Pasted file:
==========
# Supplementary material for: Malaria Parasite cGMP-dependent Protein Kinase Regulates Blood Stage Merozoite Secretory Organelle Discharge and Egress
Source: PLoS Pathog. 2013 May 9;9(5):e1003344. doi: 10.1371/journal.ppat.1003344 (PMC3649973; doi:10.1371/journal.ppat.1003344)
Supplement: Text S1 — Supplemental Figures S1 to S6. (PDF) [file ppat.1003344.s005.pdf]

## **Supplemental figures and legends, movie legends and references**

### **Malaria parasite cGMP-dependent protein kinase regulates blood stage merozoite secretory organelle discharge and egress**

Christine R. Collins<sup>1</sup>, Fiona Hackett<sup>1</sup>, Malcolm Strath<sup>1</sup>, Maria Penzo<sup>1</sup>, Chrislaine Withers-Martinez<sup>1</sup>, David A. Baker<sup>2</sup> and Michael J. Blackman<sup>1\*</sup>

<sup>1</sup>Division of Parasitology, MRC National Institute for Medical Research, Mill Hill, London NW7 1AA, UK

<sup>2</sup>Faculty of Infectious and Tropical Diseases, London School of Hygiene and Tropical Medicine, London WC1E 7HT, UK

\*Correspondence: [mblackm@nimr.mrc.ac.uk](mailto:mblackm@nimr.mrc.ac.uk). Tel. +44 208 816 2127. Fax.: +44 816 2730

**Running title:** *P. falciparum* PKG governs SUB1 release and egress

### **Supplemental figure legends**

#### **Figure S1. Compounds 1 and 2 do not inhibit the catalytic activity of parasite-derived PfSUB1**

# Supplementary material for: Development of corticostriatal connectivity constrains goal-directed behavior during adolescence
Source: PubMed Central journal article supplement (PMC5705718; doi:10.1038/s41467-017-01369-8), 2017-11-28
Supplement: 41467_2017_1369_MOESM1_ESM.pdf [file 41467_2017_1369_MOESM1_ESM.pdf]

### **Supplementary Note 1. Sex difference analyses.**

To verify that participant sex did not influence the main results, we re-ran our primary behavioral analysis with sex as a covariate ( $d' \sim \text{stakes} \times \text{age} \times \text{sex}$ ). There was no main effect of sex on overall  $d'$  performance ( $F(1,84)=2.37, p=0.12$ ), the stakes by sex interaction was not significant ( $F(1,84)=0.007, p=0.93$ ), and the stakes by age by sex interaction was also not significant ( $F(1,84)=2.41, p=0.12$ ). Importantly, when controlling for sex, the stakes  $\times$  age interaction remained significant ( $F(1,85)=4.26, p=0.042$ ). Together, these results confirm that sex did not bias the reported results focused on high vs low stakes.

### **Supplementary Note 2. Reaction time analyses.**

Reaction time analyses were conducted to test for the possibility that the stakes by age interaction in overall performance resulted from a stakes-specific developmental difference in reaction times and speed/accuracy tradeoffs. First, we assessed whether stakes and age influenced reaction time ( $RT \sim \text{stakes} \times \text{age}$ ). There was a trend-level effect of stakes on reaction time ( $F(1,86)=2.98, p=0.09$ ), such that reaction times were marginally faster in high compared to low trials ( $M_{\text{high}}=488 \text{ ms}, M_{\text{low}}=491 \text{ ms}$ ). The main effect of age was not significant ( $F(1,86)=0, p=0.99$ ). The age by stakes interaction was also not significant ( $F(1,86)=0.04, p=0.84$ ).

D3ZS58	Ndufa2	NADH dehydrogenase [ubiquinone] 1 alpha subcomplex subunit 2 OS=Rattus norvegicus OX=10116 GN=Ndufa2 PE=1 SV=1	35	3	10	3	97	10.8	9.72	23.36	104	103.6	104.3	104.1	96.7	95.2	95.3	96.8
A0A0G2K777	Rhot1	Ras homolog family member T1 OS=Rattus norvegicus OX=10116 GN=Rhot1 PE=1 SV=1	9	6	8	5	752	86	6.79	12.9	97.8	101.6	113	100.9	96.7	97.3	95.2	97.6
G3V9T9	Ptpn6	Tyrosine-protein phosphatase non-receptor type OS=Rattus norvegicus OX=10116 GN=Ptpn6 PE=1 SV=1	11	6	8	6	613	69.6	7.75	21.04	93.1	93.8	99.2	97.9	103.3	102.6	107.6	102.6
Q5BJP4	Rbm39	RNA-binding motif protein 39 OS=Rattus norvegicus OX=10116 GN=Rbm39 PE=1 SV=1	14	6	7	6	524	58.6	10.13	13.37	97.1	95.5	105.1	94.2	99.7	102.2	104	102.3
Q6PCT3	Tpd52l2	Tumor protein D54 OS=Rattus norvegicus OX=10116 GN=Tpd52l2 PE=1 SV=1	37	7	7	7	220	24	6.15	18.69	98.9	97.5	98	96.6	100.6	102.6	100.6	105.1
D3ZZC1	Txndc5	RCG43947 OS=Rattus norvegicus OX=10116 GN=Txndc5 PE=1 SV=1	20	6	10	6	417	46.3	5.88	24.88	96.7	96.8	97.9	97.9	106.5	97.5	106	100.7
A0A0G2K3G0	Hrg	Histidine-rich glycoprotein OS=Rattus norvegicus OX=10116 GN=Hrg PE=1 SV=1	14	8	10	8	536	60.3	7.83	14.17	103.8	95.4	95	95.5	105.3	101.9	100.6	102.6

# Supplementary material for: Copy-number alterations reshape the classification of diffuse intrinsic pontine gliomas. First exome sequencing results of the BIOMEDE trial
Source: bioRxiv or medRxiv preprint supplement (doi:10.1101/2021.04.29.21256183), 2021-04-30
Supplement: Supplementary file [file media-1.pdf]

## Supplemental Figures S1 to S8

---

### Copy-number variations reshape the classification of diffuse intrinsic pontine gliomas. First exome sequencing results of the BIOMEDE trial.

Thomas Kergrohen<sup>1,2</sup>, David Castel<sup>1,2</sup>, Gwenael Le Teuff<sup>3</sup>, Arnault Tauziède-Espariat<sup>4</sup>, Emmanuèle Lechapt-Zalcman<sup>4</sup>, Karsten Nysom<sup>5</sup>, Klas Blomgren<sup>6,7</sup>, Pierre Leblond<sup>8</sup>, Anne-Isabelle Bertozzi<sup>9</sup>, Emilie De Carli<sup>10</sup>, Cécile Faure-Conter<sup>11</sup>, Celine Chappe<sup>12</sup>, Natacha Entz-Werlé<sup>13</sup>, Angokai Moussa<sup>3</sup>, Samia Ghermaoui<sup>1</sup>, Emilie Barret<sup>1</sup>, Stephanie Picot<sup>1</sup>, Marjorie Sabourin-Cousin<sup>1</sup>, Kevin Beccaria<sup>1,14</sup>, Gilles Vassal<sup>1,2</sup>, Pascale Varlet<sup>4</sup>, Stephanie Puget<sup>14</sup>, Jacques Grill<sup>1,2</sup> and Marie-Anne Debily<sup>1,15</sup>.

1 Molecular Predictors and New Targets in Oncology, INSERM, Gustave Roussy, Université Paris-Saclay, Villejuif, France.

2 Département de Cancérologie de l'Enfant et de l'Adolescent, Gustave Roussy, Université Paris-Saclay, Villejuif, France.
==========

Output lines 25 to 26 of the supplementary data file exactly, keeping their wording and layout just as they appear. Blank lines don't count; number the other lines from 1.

D3ZZC1	Txndc5	RCG43947 OS=Rattus norvegicus OX=10116 GN=Txndc5 PE=1 SV=1	20	6	10	6	417	46.3	5.88	24.88	96.7	96.8	97.9	97.9	106.5	97.5	106	100.7
A0A0G2K3G0	Hrg	Histidine-rich glycoprotein OS=Rattus norvegicus OX=10116 GN=Hrg PE=1 SV=1	14	8	10	8	536	60.3	7.83	14.17	103.8	95.4	95	95.5	105.3	101.9	100.6	102.6